Role of BH3-only protein Bim in autoimmune and degenerative diseases
© The Author(s) 2003
Published: 12 September 2003
Apoptosis is the physiological process used by an organism to eliminate cells that are no longer needed, have been damaged or are dangerous. Defects in the control of apoptosis have been implicated as a cause or a contributing factor in a variety of diseases. Proteins of the Bcl-2 family are major regulators of this process.
We have previously shown that Bim is required for certain apoptotic responses, for hematopoietic cell homeostasis and as a barrier against autoimmune disease.
We study Bim-deficient mice in order to understand the role of Bim in homeostasis and to evaluate its role in the ontogeny of certain autoimmune and degenerative diseases.
We intercrossed Bim-deficient mice with mouse strains used as models for such diseases, namely bcl-2-KO, PKD1-KO, IL7R-KO and Lurcher mice, and analysed double mutants.
We have shown that Bim is essential for the development of tolerance to self-antigens . Using six different model systems, we have demonstrated that, during development in the thymus, Bim plays a major role in the elimination of the T lymphocytes that bear a T-cell receptor (TCR)/CD3 complex that engages self-antigens (negative selection). Thus, Bim appears essential for apoptosis of autoreactive T lymphocytes and B lymphocytes in central as well as peripheral tolerance.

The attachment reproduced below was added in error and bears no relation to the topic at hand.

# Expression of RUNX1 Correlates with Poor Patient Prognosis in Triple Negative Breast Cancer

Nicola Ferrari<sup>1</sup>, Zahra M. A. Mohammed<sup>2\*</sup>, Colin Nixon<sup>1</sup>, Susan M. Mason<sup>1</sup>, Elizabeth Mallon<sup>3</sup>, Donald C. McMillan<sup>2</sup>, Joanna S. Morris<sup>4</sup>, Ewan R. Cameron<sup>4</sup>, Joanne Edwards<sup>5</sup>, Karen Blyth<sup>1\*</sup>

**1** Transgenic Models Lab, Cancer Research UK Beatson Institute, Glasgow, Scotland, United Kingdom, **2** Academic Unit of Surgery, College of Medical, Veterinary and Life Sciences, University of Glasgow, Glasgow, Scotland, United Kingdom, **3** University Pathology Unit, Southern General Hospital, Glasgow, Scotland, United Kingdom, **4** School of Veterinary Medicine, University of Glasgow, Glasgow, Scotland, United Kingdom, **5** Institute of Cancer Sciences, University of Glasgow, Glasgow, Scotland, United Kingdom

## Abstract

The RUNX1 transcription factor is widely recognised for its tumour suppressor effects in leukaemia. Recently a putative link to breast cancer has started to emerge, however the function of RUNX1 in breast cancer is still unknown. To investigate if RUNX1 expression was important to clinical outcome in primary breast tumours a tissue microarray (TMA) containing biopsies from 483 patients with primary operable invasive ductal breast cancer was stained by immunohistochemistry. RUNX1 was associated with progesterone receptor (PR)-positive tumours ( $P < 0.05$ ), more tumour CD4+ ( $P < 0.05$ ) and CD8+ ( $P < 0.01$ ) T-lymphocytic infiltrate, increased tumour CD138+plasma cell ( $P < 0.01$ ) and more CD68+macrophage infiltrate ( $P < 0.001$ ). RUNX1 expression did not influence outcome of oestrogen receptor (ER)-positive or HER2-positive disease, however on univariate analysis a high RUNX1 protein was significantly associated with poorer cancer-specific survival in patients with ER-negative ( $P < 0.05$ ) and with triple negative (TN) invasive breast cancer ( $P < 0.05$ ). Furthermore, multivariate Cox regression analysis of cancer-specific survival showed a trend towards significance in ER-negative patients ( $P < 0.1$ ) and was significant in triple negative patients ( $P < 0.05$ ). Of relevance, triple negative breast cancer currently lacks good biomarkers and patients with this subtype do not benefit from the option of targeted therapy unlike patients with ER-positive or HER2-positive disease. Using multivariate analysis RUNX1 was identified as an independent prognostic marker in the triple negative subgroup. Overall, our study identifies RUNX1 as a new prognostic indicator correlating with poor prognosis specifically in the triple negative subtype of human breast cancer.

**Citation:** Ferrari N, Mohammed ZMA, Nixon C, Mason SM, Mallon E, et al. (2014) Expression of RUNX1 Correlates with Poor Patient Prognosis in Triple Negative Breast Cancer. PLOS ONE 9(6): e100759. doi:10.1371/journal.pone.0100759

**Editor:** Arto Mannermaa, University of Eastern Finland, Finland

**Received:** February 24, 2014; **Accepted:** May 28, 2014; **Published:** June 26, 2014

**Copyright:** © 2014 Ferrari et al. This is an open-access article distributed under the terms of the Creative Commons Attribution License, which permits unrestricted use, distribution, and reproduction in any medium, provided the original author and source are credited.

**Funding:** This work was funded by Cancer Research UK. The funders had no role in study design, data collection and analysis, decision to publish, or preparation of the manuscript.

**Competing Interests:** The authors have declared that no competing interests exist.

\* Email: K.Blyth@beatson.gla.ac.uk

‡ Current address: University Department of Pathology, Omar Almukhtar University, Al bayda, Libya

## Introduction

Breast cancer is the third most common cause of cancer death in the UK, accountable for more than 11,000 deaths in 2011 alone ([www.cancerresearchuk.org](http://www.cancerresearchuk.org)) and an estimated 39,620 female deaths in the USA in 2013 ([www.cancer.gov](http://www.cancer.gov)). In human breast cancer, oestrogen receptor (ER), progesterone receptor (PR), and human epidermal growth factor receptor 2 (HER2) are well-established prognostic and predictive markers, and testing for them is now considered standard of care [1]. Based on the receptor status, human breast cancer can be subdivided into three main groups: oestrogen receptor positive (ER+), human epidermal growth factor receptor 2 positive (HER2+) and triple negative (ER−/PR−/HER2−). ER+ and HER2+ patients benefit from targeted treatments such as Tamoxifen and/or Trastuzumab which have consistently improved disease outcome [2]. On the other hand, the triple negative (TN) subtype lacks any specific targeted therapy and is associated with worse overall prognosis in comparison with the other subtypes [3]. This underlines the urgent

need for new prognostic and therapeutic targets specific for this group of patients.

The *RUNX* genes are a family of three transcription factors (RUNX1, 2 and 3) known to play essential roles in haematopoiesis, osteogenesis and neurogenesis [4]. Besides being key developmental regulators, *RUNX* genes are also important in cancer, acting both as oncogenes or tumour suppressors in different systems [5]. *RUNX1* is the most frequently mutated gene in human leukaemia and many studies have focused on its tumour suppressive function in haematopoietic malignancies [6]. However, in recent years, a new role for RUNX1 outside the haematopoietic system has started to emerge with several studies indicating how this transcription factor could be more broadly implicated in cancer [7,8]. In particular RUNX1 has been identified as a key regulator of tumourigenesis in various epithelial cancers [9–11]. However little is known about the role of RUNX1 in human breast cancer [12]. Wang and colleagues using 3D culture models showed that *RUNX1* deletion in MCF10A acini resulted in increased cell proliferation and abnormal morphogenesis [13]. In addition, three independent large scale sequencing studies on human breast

By intercrossing mice with mutations in bcl-2 and bim, we have generated mice lacking both genes and shown that all the deficiencies caused by the absence of Bcl-2 (runting, polycystic kidneys, lymphopenia, hair greying) could be efficiently rescued by the concomitant absence of Bim . This result demonstrates that BH3-only proteins can be involved in the induction of certain degenerative diseases.
By contrast, removal of Bim does not prevent the degeneration of cerebellar Purkinje cells and granular neurons in Lurcher mice.
We are currently investigating the consequences of the loss of Bim in PKD1-deficient and IL7R-deficient mice.
Our results indicate that BH3-only proteins may be at the origin of certain autoimmune and degenerative diseases, and may be targets of interest for the research of new drugs against such diseases.
This work was supported by grants and fellowships from the Virtual Research Institute for Aging (VRIA), the US NCI, the NH&MRC, the Leukemia and Lymphoma Society, the Dr Josef Steiner Cancer Research Foundation, the Anti-Cancer Council of Australia, and the Charles and Sylvia Viertel Charitable Foundation.